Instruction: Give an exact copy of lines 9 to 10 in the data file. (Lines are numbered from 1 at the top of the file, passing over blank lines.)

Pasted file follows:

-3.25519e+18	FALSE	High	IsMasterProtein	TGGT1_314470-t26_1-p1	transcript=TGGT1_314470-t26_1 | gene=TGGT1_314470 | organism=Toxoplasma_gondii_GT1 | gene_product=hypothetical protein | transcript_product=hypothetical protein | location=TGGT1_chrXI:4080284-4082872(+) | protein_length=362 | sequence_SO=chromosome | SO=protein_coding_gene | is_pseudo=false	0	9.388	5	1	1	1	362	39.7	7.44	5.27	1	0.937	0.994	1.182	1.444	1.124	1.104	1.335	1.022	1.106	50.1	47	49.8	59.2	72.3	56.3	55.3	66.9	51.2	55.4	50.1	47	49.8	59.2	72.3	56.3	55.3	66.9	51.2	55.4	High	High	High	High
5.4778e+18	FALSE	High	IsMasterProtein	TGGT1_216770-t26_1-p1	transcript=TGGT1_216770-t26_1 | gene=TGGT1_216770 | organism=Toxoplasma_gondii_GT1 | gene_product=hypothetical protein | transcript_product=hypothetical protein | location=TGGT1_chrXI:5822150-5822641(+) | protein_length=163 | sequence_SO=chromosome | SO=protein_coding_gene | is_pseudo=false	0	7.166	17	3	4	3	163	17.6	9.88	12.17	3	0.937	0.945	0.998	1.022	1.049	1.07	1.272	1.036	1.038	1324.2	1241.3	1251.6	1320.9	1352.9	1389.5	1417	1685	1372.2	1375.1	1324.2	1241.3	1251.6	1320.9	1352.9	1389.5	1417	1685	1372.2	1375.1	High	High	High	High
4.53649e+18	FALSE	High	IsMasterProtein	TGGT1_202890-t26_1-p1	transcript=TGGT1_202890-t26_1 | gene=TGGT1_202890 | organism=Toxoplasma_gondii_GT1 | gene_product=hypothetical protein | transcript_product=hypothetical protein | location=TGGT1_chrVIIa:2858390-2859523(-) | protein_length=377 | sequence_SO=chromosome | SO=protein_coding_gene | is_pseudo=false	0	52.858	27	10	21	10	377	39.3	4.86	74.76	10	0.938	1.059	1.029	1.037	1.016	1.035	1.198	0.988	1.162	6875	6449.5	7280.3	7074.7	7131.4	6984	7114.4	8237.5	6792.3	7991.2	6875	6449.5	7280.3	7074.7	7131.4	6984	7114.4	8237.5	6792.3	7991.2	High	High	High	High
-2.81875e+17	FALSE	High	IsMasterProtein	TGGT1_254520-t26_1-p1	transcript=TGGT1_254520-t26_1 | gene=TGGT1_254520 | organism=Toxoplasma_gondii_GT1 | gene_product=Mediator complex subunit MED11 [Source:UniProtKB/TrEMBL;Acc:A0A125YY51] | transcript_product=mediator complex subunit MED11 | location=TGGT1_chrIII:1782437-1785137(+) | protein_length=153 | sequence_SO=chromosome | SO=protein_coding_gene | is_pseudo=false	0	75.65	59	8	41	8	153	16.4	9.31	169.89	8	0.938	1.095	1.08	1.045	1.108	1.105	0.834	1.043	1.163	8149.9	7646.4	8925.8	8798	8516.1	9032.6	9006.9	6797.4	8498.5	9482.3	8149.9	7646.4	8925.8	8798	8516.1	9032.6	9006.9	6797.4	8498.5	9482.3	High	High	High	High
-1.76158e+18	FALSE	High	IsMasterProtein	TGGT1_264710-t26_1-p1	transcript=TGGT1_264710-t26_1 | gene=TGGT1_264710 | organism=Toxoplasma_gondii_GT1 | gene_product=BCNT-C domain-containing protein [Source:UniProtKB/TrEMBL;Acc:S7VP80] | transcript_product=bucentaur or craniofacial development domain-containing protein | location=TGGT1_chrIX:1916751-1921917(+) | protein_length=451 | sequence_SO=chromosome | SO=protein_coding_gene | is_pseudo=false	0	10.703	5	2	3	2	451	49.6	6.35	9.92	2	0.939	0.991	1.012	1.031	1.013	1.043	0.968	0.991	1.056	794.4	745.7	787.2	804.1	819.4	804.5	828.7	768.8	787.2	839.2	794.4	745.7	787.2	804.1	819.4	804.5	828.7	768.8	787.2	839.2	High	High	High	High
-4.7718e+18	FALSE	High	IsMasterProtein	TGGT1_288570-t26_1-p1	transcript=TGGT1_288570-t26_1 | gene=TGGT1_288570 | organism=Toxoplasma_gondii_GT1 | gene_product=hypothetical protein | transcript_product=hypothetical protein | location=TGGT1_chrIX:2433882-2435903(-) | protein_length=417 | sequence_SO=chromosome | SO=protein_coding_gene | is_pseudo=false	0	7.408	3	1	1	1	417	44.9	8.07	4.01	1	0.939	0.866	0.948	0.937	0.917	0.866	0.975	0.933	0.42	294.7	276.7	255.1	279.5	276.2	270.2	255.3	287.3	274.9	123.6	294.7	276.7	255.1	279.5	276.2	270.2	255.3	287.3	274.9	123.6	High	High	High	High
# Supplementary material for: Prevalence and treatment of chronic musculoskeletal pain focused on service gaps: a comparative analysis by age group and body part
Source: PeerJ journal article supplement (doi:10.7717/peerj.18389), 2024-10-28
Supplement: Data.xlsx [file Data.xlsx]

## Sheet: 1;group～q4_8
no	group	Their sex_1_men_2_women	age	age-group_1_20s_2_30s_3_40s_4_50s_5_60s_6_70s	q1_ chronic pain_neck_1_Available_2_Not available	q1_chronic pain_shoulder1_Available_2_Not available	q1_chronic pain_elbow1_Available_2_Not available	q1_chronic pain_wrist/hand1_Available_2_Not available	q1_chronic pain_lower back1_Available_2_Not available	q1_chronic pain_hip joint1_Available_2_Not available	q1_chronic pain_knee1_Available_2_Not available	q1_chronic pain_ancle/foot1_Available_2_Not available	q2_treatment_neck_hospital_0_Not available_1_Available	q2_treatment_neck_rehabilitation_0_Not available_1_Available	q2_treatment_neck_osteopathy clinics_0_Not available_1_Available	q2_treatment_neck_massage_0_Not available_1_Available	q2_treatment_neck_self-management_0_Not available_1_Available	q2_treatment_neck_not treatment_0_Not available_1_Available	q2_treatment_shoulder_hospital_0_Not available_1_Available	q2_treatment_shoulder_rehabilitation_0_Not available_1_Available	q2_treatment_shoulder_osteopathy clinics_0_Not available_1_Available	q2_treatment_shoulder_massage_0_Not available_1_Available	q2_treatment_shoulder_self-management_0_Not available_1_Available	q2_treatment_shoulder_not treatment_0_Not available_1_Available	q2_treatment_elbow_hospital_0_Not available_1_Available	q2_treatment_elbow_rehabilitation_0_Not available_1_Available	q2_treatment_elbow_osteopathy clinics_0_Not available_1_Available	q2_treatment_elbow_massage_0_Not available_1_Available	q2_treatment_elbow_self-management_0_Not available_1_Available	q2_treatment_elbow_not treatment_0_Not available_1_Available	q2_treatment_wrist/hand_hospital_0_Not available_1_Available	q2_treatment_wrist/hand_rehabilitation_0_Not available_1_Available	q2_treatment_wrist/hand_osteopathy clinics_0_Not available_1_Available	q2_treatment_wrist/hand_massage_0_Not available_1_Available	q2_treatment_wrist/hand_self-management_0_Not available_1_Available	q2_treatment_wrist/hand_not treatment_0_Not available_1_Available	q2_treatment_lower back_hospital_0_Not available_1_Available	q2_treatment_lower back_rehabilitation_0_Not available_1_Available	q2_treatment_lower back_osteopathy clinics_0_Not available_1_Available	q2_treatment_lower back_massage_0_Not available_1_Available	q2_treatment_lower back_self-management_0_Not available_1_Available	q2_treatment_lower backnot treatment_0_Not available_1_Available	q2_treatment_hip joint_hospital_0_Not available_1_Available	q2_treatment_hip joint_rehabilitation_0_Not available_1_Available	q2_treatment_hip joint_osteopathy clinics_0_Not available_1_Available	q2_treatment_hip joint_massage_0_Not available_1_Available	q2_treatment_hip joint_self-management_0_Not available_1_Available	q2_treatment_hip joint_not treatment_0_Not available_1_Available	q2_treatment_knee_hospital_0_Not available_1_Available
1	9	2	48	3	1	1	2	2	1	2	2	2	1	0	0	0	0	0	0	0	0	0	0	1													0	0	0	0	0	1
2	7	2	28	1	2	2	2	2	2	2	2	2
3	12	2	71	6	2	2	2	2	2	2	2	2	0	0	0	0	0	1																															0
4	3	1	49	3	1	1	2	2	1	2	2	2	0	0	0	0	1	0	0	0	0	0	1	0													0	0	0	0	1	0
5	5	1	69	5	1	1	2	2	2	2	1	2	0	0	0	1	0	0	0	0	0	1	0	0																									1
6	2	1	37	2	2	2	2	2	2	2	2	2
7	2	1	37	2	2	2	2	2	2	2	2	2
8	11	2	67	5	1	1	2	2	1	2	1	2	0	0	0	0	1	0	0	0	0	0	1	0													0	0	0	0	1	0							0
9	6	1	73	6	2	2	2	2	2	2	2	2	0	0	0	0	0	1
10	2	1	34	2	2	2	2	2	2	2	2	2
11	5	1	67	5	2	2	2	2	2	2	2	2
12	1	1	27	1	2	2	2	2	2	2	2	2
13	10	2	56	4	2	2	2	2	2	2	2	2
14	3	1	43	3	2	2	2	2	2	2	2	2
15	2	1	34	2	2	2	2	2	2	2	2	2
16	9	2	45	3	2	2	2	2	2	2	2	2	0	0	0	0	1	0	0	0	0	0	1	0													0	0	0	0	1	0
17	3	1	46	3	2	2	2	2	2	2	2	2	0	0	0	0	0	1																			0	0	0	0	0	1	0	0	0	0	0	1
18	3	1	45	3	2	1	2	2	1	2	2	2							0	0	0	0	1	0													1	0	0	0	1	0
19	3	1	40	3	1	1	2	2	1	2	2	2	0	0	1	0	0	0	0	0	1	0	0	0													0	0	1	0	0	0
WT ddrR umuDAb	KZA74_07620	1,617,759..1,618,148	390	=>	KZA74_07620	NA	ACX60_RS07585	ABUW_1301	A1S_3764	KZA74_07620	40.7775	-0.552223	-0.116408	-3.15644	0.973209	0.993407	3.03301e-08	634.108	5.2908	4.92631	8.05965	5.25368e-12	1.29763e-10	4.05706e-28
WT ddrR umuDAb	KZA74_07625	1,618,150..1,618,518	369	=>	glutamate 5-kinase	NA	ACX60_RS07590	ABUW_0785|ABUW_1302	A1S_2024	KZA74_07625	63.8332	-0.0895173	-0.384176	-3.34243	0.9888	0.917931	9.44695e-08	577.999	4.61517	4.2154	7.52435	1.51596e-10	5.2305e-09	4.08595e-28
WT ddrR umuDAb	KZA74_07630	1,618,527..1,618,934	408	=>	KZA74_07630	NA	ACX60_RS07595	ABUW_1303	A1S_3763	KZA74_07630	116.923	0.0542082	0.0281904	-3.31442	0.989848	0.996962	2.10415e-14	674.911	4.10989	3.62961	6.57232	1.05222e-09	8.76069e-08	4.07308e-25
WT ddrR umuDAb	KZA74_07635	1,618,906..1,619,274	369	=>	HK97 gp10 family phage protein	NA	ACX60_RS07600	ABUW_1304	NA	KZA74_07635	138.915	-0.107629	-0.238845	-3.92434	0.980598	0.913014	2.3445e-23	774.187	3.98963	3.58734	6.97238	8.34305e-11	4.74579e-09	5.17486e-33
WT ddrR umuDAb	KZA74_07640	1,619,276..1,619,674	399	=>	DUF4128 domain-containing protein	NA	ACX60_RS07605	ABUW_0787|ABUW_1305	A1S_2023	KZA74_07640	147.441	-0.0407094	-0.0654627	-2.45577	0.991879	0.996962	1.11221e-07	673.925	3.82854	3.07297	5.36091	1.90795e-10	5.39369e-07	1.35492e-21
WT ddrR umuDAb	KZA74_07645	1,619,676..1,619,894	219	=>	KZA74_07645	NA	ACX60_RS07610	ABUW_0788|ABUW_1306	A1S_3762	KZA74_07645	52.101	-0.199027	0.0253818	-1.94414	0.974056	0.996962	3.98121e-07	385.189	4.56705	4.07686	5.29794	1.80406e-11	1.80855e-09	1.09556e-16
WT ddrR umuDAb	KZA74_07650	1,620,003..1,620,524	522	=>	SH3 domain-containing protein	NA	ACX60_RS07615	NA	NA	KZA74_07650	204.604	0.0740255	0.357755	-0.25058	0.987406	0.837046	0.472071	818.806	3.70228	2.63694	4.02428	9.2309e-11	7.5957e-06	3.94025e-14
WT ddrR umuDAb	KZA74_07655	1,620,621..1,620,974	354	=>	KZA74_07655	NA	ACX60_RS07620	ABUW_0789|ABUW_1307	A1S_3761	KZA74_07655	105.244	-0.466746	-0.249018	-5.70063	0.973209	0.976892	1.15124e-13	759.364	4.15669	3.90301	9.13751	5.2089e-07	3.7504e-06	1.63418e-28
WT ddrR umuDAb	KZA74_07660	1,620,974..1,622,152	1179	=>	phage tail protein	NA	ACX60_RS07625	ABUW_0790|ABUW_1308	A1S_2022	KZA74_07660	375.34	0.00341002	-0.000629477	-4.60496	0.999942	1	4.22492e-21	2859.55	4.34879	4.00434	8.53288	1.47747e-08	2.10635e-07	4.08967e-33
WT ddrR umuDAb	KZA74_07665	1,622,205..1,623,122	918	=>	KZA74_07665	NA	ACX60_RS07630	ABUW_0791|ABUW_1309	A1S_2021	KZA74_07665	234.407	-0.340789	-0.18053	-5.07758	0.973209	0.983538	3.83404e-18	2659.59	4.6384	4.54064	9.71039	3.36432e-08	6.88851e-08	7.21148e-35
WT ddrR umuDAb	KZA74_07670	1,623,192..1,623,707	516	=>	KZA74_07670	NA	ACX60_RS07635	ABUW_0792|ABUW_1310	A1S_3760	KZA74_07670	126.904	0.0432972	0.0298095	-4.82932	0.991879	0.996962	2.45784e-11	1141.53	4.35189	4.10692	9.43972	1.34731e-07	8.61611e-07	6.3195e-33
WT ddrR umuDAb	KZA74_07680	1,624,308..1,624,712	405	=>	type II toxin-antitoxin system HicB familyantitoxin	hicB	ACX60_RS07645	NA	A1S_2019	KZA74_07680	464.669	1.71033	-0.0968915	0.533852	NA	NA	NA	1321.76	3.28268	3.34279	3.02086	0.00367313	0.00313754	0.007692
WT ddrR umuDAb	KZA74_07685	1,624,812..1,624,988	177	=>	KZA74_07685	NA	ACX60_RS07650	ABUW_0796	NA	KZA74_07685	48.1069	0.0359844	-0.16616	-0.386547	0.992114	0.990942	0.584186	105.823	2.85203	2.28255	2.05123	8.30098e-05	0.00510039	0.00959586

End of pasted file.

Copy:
Supplement: Data.xlsx [file Data.xlsx]

## Sheet: 1;group～q4_8